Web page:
OH BWC Eliminates Oxycontin from Drug Formulary

Liz Carey

Columbus, OH (WorkersCompensation.com) – Board members for the Ohio Bureau of Workers’ Compensation have voted to drop OxyContin from its drug formulary 22.

Recommended to the board by the BWC’s pharmacy and therapeutics committee, the vote would mean no new prescriptions of OxyContin as of July 1, 2019. Instead, the BWC’s formulary would replace it with Xtampa ER, a drug the BWC said was less likely to be abused.

“Xtampa is a sustained-release form of oxycodone, like OxyContin, but it utilizes a unique abuse-deterrent technology that makes it difficult to manipulate – crush, snort or inject – for aberrant use,” said Terry Welsh, the BWC’s chief medical officer. “Thanks to technology , this just seems like the next responsible step to protect our injured workers from potential addiction and overdose death to dangerous drugs.”

Robert Josephson, executive director for communications for Purdue Pharma, said the idea that OxyContin isn’t using similar technology is erroneous.

“The information being put out is misleading as OxyContin was reformulated with abuse-deterrent properties; in fact it was the first opioid to be approved in 2010 and then receive labeling claims from FDA in 2013,” Josephson said in an email interview with WorkersCompensation.com.

Josephson referred to a statement from Purdue Pharma from September 2018.

“The nation’s opioid crisis is a significant and urgent public health challenge, and Purdue Pharma is deeply concerned about the toll this crisis is having on communities. While we no longer market opioids to prescribing healthcare professionals through a sales team, we remain committed to patients who need this important therapy,” the statement said. “Recent public statements regarding opioid formulary coverage have incorrectly conveyed that OxyContin® (oxycodone HCL)1 is not approved as an abuse deterrent formulation by the FDA, and that certain other opioids with abuse-deterrent properties (ADP) are less likely to be abused. As the company that brought the first FDA-approved opioid medicine with ADP to the market, we believe it is important to correct this misinformation.”

“OxyContin® extended-release tablets were reformulated eight years ago with properties expected to deter intranasal and intravenous abuse. In 2010, after nearly a decade of research and development, Purdue received FDA-approval for reformulated OxyContin with abuse-deterrent properties…,” the statement further said. “Most importantly, different abuse-deterrent formulations use different methods to deter abuse. No formulation has been approved to claim based on human liking studies or real-world data that it is better or safer than another, and none are abuse-proof or less addictive. Instead, each abuse deterrent formulation offers different options for prescribers and patients. Inaccurate characterizations of these different formulations may lead to a false sense of security by patients and/or their health care providers.”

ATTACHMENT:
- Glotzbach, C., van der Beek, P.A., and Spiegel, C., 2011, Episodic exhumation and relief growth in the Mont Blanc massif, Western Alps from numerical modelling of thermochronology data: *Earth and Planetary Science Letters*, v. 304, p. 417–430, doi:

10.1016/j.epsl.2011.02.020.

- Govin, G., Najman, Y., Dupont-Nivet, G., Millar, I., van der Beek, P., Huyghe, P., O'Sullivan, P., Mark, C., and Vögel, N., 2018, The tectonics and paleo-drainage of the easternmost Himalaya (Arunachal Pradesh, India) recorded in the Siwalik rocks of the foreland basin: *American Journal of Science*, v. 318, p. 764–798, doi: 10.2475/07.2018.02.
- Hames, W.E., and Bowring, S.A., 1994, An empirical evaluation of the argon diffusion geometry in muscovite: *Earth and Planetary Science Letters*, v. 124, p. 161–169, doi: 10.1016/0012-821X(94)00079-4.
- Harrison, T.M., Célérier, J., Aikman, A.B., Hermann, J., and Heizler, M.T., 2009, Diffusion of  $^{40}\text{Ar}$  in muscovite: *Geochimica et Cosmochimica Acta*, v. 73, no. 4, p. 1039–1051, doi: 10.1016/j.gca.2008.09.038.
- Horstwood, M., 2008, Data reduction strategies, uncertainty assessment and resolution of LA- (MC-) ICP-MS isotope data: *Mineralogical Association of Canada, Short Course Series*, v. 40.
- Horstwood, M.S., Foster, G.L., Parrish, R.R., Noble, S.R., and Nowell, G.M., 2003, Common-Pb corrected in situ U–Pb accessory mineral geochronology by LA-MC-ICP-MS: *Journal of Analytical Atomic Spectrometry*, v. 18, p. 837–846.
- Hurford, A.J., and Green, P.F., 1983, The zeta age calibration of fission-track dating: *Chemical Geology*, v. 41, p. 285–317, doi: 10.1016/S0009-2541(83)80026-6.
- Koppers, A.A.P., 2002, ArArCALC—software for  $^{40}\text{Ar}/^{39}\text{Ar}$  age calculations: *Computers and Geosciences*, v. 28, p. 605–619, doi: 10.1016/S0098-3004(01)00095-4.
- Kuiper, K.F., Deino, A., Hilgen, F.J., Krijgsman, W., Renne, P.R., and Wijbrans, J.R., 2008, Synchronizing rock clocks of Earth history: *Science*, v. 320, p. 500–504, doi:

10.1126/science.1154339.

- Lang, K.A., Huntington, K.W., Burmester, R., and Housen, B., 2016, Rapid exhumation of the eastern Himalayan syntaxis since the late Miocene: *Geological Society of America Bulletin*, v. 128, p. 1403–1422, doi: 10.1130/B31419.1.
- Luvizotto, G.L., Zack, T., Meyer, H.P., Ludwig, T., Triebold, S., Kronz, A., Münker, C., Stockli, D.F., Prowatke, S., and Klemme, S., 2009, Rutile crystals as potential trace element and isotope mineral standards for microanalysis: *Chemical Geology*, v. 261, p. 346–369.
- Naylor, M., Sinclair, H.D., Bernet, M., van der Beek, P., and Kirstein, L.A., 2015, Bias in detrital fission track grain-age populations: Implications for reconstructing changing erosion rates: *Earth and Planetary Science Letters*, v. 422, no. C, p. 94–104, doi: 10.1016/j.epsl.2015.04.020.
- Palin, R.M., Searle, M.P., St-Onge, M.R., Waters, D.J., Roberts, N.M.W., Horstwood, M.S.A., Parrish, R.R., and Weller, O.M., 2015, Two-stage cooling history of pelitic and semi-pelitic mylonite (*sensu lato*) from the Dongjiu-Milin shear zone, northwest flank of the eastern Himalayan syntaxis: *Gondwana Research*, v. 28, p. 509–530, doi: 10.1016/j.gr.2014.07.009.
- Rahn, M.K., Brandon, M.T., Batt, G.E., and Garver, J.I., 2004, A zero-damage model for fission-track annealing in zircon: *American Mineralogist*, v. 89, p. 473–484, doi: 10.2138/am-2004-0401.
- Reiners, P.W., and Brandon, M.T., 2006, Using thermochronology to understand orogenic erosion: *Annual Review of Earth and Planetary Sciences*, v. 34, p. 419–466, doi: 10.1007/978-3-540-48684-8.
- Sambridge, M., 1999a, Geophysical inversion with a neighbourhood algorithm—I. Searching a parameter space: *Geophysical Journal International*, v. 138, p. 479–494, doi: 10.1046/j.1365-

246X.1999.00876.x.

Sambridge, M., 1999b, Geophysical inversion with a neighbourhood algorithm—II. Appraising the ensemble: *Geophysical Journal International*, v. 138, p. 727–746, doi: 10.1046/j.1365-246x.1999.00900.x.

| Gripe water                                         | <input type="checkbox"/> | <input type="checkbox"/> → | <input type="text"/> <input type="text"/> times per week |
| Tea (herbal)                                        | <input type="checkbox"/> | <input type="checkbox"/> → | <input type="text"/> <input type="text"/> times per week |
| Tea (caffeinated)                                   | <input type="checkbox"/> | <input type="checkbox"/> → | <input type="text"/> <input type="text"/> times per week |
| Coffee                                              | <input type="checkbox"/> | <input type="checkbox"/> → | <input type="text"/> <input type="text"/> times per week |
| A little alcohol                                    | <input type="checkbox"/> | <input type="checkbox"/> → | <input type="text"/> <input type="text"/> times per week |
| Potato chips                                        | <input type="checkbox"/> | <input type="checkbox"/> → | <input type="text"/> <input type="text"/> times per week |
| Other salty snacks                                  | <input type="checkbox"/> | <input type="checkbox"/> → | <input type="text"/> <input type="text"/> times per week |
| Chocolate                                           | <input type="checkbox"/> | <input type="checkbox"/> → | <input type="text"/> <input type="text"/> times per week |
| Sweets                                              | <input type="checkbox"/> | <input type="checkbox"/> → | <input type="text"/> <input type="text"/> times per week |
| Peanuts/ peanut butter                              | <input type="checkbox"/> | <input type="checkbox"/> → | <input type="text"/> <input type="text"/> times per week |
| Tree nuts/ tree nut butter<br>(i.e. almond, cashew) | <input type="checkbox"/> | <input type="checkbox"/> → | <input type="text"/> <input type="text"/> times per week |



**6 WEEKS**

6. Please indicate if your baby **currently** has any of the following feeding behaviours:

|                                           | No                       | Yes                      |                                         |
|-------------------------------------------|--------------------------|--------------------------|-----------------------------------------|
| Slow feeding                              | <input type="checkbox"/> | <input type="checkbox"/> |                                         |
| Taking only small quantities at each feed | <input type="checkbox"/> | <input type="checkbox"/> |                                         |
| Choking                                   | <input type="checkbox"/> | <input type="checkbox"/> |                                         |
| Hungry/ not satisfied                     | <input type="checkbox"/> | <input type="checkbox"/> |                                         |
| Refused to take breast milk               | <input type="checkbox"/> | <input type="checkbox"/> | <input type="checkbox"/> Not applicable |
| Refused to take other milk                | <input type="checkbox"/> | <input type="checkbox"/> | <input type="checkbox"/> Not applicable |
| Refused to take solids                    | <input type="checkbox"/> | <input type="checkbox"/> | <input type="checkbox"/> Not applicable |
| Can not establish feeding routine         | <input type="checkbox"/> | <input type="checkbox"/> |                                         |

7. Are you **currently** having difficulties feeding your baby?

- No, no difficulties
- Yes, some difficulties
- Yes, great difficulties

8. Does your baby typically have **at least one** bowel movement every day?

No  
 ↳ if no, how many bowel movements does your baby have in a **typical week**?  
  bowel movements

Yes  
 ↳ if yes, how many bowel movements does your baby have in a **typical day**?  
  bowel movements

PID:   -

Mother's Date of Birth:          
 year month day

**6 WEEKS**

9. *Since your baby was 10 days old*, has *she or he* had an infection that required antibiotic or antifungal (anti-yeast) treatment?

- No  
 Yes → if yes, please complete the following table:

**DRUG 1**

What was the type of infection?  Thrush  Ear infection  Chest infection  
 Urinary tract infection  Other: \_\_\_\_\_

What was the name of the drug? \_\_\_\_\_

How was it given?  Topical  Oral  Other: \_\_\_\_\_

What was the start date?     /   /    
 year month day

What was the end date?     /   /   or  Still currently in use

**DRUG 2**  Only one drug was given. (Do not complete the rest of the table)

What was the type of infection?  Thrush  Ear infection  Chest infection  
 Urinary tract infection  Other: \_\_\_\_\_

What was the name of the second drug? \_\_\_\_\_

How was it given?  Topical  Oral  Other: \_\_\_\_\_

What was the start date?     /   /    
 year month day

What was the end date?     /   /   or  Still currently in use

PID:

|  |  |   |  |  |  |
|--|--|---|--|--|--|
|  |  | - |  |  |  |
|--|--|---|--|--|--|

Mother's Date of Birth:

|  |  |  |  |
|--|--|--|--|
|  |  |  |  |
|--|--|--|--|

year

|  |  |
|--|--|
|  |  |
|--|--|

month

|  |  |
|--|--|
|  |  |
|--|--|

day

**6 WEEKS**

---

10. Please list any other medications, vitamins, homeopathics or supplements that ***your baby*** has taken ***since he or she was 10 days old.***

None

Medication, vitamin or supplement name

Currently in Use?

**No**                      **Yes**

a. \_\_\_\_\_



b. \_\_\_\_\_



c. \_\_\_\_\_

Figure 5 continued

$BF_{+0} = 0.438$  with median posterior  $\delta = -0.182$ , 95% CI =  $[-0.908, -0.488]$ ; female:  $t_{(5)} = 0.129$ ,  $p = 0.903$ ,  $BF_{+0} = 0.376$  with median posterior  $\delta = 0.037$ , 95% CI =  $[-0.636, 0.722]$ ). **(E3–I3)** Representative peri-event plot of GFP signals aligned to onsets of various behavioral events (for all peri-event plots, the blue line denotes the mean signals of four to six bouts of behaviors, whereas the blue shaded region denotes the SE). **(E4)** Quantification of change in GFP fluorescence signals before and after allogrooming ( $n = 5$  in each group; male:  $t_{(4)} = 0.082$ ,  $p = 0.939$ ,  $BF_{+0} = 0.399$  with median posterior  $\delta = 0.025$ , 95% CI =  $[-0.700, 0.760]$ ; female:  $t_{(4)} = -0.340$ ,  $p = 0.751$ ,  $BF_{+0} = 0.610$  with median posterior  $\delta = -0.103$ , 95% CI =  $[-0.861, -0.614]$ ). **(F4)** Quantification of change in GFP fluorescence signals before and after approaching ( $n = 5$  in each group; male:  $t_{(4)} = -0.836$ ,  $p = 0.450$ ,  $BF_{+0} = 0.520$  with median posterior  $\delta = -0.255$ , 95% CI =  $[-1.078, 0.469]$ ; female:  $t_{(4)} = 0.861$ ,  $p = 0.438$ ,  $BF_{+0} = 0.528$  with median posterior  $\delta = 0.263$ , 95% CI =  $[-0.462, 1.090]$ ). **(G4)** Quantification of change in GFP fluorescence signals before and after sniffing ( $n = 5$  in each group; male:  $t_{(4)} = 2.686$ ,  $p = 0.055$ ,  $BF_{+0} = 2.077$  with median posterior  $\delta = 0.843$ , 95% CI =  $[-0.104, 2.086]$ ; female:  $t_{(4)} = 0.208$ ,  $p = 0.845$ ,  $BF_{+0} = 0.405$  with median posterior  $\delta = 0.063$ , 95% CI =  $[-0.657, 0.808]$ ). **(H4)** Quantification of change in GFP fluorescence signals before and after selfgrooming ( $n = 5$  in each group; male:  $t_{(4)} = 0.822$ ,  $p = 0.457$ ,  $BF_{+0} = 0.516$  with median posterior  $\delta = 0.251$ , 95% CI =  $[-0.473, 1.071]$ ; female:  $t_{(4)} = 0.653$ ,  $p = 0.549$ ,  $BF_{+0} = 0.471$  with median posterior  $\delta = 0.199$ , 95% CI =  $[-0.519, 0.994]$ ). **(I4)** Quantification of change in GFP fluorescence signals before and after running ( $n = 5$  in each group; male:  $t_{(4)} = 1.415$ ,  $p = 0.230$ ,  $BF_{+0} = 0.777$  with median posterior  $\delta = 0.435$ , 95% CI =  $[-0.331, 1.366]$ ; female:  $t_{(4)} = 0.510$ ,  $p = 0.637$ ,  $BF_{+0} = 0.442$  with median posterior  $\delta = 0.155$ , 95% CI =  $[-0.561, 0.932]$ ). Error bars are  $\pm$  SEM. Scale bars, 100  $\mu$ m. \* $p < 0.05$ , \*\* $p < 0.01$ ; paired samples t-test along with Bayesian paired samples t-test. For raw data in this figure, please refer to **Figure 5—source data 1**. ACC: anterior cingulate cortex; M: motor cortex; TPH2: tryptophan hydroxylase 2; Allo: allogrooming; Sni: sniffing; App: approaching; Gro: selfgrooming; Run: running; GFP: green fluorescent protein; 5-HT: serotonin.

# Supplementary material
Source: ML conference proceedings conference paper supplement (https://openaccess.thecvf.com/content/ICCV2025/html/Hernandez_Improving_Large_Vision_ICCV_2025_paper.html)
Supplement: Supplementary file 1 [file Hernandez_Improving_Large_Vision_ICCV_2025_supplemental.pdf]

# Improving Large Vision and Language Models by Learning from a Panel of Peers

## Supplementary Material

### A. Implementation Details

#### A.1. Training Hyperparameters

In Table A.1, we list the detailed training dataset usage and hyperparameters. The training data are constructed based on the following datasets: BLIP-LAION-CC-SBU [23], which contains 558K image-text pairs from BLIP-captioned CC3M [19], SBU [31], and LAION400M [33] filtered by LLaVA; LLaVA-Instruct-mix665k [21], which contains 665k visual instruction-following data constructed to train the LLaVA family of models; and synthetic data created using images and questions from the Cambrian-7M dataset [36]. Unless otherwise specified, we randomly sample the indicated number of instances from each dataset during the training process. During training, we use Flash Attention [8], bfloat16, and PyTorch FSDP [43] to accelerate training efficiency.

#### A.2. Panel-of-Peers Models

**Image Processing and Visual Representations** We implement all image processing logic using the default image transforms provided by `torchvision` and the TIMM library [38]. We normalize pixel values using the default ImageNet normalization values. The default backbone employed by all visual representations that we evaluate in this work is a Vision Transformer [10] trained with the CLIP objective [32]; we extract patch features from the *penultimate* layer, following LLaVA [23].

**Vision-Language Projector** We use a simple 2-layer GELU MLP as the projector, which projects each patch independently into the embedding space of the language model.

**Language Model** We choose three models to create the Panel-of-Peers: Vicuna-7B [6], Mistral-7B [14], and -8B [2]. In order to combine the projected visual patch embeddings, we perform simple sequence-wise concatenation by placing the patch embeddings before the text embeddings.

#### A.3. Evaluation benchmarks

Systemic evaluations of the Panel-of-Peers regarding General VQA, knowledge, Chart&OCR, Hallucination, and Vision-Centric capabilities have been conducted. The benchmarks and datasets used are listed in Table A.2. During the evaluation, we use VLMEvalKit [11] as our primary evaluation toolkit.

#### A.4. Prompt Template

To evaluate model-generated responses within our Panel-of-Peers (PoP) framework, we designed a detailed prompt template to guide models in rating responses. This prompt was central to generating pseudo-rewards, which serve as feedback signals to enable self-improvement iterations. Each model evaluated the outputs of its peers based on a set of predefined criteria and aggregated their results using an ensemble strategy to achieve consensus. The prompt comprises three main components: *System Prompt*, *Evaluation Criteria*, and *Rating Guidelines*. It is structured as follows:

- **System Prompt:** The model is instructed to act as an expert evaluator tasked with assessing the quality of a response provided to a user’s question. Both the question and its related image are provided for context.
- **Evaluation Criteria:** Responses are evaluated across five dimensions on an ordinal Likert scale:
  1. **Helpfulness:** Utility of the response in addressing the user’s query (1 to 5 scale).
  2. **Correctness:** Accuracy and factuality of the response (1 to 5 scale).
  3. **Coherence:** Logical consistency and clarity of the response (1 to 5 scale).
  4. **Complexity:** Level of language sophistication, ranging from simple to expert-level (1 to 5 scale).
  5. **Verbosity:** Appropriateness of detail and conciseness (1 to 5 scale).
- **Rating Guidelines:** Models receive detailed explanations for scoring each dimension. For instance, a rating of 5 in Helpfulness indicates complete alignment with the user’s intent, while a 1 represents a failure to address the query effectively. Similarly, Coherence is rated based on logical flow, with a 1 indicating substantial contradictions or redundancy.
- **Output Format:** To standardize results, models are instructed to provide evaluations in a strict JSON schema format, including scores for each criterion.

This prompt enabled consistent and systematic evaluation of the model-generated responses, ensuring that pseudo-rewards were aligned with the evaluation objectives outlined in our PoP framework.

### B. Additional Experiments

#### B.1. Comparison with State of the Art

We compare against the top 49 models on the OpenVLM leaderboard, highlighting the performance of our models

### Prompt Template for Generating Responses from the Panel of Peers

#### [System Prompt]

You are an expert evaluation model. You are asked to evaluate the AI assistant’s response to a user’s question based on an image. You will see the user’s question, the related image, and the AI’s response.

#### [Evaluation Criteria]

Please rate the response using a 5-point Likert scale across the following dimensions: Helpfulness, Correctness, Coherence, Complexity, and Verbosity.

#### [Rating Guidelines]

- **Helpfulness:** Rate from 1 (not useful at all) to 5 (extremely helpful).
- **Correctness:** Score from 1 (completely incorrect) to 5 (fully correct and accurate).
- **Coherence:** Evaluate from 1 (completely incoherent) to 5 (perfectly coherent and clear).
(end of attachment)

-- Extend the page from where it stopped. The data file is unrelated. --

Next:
Welsh said the agency will phase out the use of OxyContin and generic oxycodone sustained release tablets over time.

Melissa Vance, communications manager for BWC, said in an interview with WorkersCompensation.com, that the phase-out would help injured workers transition off the drug, but would allow for injured workers to ask to stay on their current medication.

“Injured workers who currently have prior authorization for OxyContin will continue to be able to take it, until that authorization expires or there is a change in dose,” Vance said. “Physicians will be made aware of the change and can advise injured workers on alternatives. There is also an appeals process through the Ohio Industrial Commission that injured workers can take advantage of.”

Currently, she said, just over 1,000 injured workers in Ohio are on OxyContin or generic long-lasting oxycodone.

The bureau has no other formulary changes under consideration, she said.

Ohio Governor Mike DeWine, a vocal advocate of addressing the opioid crisis, said the move was a step in the right direction.

“When an on-the-job injury causes someone serious discomfort, we want that worker to get the needed pain relief, but we also want to ensure that work injuries don’t lead to addiction,” he said in a statement. “Changing BWC’s formulary and replacing OxyContin with a comparable painkiller that is less susceptible to abuse is the responsible thing to do. I commend BWC for taking this step to prevent addiction among injured workers.”

 

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